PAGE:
The Road Out: A Teacher's Odyssey in Poor America

Overview

Can one teacher truly make a difference in her students? lives when everything is working against them? Can a love for literature and learning save the most vulnerable of youth from a life of poverty? The Road Out is a gripping account of one teacher?s journey of hope and discovery with her students?girls growing up poor in a neighborhood that was once home to white Appalachian workers, and is now a ghetto. Deborah Hicks, set out to give one group of girls something she never had: a first-rate education, and a ...

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The Road Out: A Teacher's Odyssey in Poor America

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Overview

Can one teacher truly make a difference in her students’ lives when everything is working against them? Can a love for literature and learning save the most vulnerable of youth from a life of poverty? The Road Out is a gripping account of one teacher’s journey of hope and discovery with her students—girls growing up poor in a neighborhood that was once home to white Appalachian workers, and is now a ghetto. Deborah Hicks, set out to give one group of girls something she never had: a first-rate education, and a chance to live their dreams. A contemporary tragedy is brought to life as she leads us deep into the worlds of Adriana, Blair, Mariah, Elizabeth, Shannon, Jessica, and Alicia-seven girls coming of age in poverty.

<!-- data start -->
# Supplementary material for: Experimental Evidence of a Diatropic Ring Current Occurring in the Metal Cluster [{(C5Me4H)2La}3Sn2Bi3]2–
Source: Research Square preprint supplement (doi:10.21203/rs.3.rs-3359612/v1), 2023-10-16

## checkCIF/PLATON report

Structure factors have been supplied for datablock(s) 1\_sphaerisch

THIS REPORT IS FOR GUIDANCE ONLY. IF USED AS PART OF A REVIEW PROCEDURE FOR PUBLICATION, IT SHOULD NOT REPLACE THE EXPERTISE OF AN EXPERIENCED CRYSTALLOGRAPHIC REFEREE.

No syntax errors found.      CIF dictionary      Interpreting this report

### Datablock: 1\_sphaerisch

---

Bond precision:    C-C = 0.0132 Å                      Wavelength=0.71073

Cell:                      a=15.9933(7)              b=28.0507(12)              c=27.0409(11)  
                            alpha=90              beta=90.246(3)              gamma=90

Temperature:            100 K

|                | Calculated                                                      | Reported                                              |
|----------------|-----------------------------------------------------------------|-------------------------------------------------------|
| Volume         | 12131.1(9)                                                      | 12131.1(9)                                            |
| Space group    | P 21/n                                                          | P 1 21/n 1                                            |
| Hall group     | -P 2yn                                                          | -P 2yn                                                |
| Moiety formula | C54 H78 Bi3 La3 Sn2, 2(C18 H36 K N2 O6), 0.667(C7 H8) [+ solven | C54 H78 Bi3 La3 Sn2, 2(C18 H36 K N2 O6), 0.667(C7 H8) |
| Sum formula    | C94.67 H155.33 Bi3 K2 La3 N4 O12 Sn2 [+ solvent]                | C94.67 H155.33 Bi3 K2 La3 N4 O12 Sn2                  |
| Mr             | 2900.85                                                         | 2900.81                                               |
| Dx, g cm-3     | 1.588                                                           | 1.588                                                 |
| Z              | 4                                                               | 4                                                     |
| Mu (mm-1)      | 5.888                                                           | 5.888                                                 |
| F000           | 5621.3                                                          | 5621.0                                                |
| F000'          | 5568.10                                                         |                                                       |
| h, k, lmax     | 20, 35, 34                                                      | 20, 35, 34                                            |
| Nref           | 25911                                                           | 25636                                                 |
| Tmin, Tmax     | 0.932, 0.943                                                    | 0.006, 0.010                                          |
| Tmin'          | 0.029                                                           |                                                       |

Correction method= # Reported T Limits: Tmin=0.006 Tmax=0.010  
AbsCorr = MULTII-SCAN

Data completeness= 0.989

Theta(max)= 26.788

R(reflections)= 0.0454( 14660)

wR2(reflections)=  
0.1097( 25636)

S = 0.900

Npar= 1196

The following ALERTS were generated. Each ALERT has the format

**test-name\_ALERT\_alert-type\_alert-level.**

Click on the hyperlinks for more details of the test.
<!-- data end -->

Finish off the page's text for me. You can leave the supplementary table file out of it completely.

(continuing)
This is a moving story about girls who have lost their childhoods, but who face the street’s torments with courage and resiliency. “I want out,” says 10-year-old Blair, a tiny but tough girl who is extremely poor and yet deeply imaginative and precocious. Hicks tries to convey to her students a sense of the power of fiction and of sisterhood to get them through the toughest years of adolescence. But by the time they’re sixteen, eight years after the start of the class, the girls are experiencing the collision of their youthful dreams with the pitfalls of growing up in chaotic single-parent families amid the deteriorating cityscape. Yet even as they face disappointments and sometimes despair, these girls cling to their desire for a better future. The author’s own life story—from a poorly educated girl in a small mountain town to a Harvard-educated writer, teacher, and social advocate—infuses this chronicle with a message of hope.

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Editorial Reviews